The culture of party loyalty
Party discipline obligates members of parliament to support the party irrespective of the members of parliament individual desires. The parliament as a representative of the people, approves and scrutinizes the executive spending, however, it is incapacitated to perform this function, notably, in a situation where the political institution is predominantly ANC, because of the need for strict adherence to party rules and the loyalty of the members of parliament to the political party. This weakens the parliament and undermines its capacity to perform its oversight function.
The parliament can promote accountability of the executive in the following ways:
Mode of questions: Oral, written and timely response: One of the ways parliament holds the government to account is by allowing members of the parliament ask questions from ministers which they are obliged to answer. Questions for oral or written reply can be put to the President, the Deputy President and the Cabinet Ministers on matters for which they are responsible. The use of pre-arranged questions should be avoided as this can contravene the aim of oral questions thereby frustrate the effort of the parliament in fostering political accountability in South Africa. Written questions are parliamentary questions that are put to government ministers in writing. They play a critical role in holding the government accountable. They are more effective in extracting information from the executive than would be feasible in an oral response. In South Africa, it has been observed that ministers often use semantics to evade questions even when resources are available, and a number of ministers often provide late response to written questions. In order to closely scrutinize the executive, members of parliaments should be well informed of government policies, and employ a robust mechanism to ensure timely response and substantive compliance, as the publication of the response can expose valuable information.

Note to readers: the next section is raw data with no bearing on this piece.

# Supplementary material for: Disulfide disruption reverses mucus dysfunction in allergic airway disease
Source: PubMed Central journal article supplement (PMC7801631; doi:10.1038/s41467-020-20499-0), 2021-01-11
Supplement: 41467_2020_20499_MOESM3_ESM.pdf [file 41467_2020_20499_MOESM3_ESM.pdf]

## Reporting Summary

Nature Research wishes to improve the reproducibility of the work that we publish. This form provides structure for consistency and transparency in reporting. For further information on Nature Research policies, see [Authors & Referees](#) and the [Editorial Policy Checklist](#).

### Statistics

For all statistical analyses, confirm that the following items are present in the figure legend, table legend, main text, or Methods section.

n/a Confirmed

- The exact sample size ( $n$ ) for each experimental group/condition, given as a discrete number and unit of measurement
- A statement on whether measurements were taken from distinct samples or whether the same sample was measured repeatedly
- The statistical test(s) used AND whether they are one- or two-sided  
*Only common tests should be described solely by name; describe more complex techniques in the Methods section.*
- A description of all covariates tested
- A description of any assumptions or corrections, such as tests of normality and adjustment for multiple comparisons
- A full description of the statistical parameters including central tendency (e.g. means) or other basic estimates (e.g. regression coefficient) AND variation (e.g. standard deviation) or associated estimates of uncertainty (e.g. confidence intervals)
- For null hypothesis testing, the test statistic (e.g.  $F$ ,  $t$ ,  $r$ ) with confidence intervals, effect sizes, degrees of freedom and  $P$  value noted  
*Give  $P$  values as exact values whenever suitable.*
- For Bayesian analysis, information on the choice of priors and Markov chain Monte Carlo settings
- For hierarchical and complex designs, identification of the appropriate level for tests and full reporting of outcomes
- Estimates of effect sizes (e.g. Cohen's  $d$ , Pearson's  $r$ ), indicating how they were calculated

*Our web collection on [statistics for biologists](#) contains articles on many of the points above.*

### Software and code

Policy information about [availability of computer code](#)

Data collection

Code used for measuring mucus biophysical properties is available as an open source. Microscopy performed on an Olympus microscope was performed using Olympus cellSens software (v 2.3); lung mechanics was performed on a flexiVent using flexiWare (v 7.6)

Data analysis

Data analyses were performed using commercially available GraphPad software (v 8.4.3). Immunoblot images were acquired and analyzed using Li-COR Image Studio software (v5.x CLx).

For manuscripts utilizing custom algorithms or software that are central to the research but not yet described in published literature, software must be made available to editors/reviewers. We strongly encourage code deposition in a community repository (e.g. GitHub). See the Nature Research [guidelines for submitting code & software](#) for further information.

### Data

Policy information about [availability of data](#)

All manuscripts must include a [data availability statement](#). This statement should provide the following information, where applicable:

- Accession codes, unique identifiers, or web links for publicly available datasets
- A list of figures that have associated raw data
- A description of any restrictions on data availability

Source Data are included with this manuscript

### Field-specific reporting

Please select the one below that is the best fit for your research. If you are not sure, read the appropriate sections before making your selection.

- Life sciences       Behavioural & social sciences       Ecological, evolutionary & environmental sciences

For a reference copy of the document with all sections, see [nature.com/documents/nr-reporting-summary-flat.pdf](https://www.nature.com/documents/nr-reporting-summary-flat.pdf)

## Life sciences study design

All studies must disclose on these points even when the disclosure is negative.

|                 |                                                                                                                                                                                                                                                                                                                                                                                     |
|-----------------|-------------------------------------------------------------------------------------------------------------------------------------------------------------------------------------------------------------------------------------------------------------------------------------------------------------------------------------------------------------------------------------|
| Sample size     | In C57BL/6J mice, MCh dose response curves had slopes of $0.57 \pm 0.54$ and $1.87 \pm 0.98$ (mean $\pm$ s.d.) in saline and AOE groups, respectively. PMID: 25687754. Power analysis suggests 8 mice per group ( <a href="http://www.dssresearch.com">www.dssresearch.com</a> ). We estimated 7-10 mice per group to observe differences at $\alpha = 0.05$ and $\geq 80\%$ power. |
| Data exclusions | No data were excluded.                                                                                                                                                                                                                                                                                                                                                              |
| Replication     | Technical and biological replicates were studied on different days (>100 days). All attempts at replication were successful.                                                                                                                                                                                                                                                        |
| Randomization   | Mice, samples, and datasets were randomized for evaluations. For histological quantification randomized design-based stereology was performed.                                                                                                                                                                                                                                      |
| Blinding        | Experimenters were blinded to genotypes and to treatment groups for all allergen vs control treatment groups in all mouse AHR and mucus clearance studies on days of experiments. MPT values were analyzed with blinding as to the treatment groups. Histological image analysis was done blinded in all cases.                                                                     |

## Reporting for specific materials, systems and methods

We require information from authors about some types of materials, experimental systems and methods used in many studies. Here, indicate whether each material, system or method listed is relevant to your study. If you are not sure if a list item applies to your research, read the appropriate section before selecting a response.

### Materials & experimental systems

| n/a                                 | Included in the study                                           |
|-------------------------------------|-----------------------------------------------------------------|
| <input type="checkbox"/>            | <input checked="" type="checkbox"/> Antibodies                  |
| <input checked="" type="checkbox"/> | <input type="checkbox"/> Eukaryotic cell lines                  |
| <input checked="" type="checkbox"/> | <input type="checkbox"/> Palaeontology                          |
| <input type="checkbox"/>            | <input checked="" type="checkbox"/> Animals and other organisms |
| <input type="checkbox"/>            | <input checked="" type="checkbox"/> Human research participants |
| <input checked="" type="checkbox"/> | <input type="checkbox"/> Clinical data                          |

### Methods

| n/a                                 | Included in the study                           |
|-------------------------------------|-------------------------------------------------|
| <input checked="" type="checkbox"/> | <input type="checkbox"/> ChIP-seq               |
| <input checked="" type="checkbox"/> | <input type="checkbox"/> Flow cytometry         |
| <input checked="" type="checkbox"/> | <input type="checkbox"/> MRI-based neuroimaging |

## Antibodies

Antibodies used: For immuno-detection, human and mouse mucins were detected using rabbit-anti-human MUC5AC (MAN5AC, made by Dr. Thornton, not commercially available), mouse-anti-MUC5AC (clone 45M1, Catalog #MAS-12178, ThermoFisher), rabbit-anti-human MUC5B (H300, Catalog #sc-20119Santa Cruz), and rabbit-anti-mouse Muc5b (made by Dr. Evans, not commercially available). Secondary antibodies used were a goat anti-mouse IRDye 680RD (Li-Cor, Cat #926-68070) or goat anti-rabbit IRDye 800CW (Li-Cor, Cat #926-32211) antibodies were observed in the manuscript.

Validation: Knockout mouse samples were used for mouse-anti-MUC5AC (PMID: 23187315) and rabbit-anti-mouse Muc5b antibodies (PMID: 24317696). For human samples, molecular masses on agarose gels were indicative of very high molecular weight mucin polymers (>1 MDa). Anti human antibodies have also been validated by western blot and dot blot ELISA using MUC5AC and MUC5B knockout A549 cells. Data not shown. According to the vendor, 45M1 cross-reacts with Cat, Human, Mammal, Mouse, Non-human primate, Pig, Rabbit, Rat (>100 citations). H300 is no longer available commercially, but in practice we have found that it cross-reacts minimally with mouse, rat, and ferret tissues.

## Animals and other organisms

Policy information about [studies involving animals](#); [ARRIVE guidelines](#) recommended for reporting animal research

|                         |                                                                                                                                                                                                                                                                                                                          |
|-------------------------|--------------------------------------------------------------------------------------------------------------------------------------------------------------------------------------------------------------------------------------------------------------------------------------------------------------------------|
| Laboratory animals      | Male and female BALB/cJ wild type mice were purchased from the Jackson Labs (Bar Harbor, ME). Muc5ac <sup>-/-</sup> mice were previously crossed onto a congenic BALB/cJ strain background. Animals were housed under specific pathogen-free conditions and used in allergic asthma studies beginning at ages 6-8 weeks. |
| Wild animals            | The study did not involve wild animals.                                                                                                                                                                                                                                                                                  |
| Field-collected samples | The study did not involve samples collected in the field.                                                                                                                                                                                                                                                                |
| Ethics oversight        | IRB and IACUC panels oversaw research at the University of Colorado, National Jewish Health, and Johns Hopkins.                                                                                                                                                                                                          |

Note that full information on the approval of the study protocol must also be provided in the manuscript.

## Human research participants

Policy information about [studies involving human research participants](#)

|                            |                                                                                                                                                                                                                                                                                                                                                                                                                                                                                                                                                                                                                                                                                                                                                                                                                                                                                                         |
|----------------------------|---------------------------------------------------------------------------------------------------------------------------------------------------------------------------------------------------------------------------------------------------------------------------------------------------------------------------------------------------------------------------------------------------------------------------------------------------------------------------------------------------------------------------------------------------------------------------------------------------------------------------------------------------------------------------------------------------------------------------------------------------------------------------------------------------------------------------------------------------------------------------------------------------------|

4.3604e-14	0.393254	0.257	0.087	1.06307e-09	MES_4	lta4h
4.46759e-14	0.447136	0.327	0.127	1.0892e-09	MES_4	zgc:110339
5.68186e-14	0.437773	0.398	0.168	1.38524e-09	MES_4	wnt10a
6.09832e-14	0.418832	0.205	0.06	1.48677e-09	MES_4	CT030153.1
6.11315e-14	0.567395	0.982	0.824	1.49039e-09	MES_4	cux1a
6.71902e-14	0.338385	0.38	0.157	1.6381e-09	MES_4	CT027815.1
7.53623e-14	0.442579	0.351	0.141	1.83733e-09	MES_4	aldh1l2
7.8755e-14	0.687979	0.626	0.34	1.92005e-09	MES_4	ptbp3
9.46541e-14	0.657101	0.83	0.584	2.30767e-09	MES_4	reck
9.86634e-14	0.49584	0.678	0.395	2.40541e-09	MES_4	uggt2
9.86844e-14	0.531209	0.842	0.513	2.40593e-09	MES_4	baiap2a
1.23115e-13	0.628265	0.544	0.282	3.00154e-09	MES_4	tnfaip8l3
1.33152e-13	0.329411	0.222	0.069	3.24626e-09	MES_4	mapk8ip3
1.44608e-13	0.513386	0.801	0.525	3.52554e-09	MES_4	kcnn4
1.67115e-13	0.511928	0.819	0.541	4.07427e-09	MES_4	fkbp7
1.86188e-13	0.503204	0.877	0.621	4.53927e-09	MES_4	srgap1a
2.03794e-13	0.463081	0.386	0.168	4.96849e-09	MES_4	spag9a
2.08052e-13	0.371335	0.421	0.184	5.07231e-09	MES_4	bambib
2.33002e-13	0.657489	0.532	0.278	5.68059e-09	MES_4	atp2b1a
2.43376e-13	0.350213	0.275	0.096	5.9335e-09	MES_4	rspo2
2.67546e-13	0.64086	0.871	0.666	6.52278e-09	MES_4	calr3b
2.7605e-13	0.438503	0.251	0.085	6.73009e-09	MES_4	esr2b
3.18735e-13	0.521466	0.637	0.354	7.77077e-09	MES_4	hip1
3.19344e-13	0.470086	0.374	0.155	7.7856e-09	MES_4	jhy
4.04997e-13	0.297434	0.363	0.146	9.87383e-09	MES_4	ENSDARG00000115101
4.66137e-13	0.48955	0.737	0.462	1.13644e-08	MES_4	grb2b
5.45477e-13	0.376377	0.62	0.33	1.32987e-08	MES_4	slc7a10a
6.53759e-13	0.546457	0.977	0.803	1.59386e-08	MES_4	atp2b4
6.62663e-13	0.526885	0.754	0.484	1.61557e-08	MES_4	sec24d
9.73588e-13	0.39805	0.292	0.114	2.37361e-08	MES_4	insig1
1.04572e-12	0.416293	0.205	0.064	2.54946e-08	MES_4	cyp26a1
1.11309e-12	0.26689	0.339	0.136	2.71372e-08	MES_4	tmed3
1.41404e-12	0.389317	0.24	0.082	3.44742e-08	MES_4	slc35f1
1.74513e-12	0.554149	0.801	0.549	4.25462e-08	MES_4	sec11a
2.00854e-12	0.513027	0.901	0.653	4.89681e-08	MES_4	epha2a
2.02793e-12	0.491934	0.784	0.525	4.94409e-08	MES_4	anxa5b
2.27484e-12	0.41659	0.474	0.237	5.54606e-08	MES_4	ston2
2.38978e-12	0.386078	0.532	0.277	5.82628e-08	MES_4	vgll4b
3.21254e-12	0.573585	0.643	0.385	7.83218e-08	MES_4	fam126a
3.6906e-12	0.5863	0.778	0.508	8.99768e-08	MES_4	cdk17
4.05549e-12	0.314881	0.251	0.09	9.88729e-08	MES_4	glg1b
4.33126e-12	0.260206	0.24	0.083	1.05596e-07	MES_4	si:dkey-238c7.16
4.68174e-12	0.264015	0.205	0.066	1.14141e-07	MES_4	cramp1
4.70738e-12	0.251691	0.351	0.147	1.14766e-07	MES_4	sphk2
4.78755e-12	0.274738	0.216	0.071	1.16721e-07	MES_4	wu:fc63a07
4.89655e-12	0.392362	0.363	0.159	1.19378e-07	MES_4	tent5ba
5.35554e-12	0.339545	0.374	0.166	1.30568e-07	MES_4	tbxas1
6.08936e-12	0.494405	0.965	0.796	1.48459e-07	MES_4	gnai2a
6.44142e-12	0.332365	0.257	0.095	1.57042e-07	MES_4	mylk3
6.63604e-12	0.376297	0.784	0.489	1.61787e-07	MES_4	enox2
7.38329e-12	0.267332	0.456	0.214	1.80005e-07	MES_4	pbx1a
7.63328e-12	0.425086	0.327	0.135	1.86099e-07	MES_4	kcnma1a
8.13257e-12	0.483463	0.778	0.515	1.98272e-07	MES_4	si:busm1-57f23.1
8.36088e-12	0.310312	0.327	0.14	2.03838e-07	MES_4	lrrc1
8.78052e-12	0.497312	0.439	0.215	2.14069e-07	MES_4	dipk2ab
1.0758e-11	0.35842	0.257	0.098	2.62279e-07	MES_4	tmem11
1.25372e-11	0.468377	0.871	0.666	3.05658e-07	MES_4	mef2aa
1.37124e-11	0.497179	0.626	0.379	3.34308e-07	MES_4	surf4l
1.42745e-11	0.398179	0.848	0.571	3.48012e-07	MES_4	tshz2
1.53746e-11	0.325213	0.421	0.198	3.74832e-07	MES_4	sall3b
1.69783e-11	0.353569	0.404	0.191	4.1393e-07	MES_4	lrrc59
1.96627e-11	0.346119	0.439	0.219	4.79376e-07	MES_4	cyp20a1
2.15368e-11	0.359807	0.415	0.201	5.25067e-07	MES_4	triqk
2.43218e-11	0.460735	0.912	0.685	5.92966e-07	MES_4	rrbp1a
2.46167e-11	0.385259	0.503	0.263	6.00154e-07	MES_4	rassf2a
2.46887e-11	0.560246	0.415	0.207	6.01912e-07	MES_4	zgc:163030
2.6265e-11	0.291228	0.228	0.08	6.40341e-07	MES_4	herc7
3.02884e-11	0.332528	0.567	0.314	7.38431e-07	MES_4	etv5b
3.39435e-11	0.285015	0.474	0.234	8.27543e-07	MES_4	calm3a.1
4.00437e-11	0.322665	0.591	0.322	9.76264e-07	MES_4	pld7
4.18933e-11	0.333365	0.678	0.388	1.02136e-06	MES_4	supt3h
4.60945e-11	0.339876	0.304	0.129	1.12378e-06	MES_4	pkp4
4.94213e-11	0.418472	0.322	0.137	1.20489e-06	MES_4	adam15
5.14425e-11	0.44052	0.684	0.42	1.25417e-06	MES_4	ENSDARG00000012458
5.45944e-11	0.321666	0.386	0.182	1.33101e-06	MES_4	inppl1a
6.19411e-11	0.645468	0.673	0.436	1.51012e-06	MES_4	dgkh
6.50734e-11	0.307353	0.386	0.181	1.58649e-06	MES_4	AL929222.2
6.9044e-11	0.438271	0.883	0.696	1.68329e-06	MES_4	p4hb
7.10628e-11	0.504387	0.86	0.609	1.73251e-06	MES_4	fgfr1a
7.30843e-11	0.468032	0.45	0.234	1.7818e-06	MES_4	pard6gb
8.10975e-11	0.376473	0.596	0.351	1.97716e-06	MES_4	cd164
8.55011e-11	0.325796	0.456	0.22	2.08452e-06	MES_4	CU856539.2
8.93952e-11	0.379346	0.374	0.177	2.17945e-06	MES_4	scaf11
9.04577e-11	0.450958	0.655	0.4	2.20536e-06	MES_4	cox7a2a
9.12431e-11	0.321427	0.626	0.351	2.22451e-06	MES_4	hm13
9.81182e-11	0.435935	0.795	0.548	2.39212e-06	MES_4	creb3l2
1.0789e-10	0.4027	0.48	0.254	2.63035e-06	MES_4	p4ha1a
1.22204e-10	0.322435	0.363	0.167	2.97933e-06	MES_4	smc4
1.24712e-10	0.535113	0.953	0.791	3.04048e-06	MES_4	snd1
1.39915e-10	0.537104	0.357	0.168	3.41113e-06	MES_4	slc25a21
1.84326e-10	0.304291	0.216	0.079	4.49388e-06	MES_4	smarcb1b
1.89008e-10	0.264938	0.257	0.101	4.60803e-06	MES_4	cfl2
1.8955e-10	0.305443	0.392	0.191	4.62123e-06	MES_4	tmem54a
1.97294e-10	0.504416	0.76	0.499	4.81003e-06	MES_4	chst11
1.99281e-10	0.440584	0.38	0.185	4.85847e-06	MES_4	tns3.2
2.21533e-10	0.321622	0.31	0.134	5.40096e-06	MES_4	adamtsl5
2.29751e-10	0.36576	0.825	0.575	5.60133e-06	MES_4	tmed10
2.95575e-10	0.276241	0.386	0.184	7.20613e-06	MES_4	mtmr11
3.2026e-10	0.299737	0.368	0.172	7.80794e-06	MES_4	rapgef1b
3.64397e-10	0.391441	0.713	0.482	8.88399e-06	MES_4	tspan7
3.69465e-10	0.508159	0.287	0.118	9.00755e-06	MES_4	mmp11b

Backbench debates: A backbencher is a member of parliament who does not hold office in the government or opposition, being instead simply a member of the rank and file. They play a role in providing services to their constituents, in relaying the opinions and concerns of their constituents. For example, asking the government for funding for a project in their constituency, these usually allow for debates and discussions on an issue. Therefore, back bench debate must be encouraged.
Correspondence: Whenever members of parliament, including committees, write to ministers to raise issues. Publishing these letters increases pressure on ministers to respond promptly.
Selected committees: They play a crucial role in checking and challenging the work of the government. Select committees are temporary committees created with a timeline to complete a specific task, like investigating government activity. Rather than researching and reporting bills to the House floor, they research specific issues or oversee government agencies. For an optimal functioning of the South Africa political system, selected committees should Create a better public awareness and understanding, stimulate further debate on important issues both in Parliament and beyond and Influence government policy.
A vote of no confidence: It is one of the main instrument of government control. It is utilized by members of the parliament to bring about election and topple the government. In South Africa any member of parliament in the National Assembly may request a vote of no confidence in either the cabinet, or that of the President.
The fact that the government depends on the support of the majority of the members of parliament to remain in office over a longer period is an evidence that parliament can directly control the executive policy process. However, such control involve a measure of obscurity and ambiguity because members of parliament are often faced by conflicting obligation, concurrently, to party versus people. Accountability necessitate the need for the parliament to balance its decisions.
In conclusion, embracing the culture of political accountability in all the arms of government is therefore urgently required in the South African society, so as to promote democracy and ensure a more peaceful and prosperous world.
Dr. Adefemi Obalade is a postdoctoral researcher. He writes in his personal capacity.